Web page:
My First Time Driving a Chrysler Pacifica
Although not a fan of minivans, or family cars in general, the Pacifica surprised me. I’ve been writing a lot about it and its features, but being inside one gave me better insight into the vehicle I was writing and talking about. First off, the interior threw me for quite the spin. Minivans sure have changed since I was a kid.
I remember going to school in my mom’s Grand Caravan, and it definitely didn’t have a seatback video screen. One of the Pacifica’s top available features is the Uconnect Theatre Package that comes with seatback video screens to keep kids entertained on long road trips.
One would think it would be uncomfortable for the driver and front passenger, but we didn’t even realize they were in the Pacifica model (Touring Plus) we were driving, until another passenger pointed them out. In other words, they were very discreet for such a technologically advanced component, and in a car no less.
The new transmission really surprised me. When it comes to the new Pacifica, gear shifts are stone age tech. At first I was looking for the stick, and I thought the model was broken, until I noticed a dial on the dashboard to the right of the steering wheel, but south of the entertainment console. It had the usual letters on it, and with a turn to the right, I had put the car in “Drive.”
That was the first time I drove a car that had a dial gearshift, and it took some getting used to, but I can see now that it’s popping up in other vehicles and may soon become the norm. The Pacifica is powered by a 3.6L V6 24V VVT engine. For those not well-versed in auto mechanic lingo, VVT stands for “Variable Valve Timing.” This is a system designed into engines to not only improve its performance but also optimize fuel efficiency. So that’s another thing the Pacifica had going for it – great fuel economy (an EPA of 18/28 MPG city/highway) for a minivan. I’m sure soccer moms will appreciate it too, what with all that after school car pooling.
A couple of other features stood out to me that I feel should be pointed out. First off, everything is automatic in Chrysler’s new Pacifica. Press a button on the sliding door from the interior or the exterior, and it opens/closes by itself. The liftgate opens by clicking a button on the key fob and then closes itself by pressing another. Installed into the windows are retractable sunshades, a nice feature to keep passengers from cooking in the heat. I know the soccer team that was kind enough to work with us appreciated them in between shoots.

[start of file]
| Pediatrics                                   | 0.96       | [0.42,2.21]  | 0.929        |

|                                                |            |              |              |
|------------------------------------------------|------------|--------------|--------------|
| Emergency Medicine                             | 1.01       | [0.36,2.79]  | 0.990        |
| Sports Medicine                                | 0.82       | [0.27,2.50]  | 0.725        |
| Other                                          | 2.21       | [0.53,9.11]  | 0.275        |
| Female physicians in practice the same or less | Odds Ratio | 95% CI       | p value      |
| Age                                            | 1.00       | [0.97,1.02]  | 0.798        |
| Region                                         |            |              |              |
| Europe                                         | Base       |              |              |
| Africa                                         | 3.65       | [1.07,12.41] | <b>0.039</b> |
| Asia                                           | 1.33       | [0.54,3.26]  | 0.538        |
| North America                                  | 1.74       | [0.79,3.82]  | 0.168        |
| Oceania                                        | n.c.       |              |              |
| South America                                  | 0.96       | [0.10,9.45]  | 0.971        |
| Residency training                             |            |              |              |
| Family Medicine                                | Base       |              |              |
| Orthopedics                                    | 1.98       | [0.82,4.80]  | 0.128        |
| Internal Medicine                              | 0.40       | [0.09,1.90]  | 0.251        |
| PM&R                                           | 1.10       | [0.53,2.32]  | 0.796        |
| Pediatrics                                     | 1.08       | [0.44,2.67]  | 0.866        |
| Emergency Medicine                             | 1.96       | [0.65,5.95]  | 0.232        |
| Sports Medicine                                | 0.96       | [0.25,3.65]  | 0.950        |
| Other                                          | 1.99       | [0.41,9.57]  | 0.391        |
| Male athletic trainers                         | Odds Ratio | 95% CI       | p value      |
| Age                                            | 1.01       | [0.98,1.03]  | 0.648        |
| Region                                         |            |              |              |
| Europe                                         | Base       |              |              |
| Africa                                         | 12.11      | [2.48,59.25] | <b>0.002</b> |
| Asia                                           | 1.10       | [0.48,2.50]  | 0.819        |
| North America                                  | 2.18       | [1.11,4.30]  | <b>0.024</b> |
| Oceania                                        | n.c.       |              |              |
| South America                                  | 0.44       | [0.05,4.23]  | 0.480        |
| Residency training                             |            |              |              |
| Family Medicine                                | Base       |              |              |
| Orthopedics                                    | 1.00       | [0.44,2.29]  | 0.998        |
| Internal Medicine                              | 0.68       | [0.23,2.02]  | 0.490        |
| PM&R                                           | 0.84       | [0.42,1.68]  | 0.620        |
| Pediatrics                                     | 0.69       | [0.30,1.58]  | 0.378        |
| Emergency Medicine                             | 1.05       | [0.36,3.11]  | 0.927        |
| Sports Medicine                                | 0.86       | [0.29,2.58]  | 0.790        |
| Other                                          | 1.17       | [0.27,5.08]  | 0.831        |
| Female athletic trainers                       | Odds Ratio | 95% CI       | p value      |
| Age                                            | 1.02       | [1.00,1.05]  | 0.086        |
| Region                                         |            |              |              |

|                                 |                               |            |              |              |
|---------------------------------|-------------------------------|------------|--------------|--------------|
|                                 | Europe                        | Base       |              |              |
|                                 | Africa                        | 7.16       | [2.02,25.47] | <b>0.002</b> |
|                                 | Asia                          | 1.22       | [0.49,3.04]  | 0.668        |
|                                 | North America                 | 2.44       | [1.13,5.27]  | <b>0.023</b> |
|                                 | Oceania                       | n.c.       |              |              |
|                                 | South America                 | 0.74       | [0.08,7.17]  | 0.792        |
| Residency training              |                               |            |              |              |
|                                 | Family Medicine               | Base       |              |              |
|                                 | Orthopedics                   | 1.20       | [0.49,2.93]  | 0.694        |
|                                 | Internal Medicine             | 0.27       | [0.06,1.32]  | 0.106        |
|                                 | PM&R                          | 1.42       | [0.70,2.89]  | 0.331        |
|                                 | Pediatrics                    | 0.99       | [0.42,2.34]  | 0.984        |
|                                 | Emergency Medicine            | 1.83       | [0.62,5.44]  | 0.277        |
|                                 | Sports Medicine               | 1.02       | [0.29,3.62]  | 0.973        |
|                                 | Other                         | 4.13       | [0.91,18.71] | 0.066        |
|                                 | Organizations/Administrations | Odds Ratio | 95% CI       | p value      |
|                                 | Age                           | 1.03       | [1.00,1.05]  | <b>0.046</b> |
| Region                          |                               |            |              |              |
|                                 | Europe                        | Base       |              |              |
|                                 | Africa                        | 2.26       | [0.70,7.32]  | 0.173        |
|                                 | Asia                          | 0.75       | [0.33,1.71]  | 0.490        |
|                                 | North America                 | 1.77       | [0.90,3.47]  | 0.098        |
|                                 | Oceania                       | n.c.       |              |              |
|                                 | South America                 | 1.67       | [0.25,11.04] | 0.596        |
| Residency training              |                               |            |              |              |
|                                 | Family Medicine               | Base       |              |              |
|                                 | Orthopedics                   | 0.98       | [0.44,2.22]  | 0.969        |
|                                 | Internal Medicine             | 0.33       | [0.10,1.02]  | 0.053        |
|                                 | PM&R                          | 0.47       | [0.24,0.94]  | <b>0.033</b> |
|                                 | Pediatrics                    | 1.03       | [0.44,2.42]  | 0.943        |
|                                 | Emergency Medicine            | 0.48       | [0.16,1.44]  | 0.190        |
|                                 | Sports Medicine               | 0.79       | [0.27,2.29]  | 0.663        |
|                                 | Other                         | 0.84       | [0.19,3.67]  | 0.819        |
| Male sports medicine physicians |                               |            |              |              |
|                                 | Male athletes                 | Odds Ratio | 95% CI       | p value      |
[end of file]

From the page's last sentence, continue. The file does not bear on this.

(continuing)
Since I have an older car without a touchscreen, using the Pacifica’s touchscreen was completely new to me, and I can see how difficult it may be without a manual to go through. However, an 8.4-inch touchscreen display made it easy to navigate applications, the stereo, etc. It was also nice to be able to plug in my iPod and have my music automatically start playing, versus listening to static while I look for the auxiliary option.
Surprisingly, it was a sunny day in Florida versus the constant rain dominating summer 2016, so I can’t say much about the Pacifica’s exterior features, such as its automatic headlamps, or if the heated exterior mirrors really did make a difference. The automatic A/C inside the car was great though, not having to mess with the dials based on the outside temperature, and the heated seats were a nice touch too.
Aside from some of the muscle cars I also drove during this assignment, which we’ll cover in another segment, I can definitely say I’d recommend the Chrysler Pacifica to someone in the minivan market. One point to note is that I only touched upon some of the many great features the 2017 Chrysler Pacifica has to offer in this article.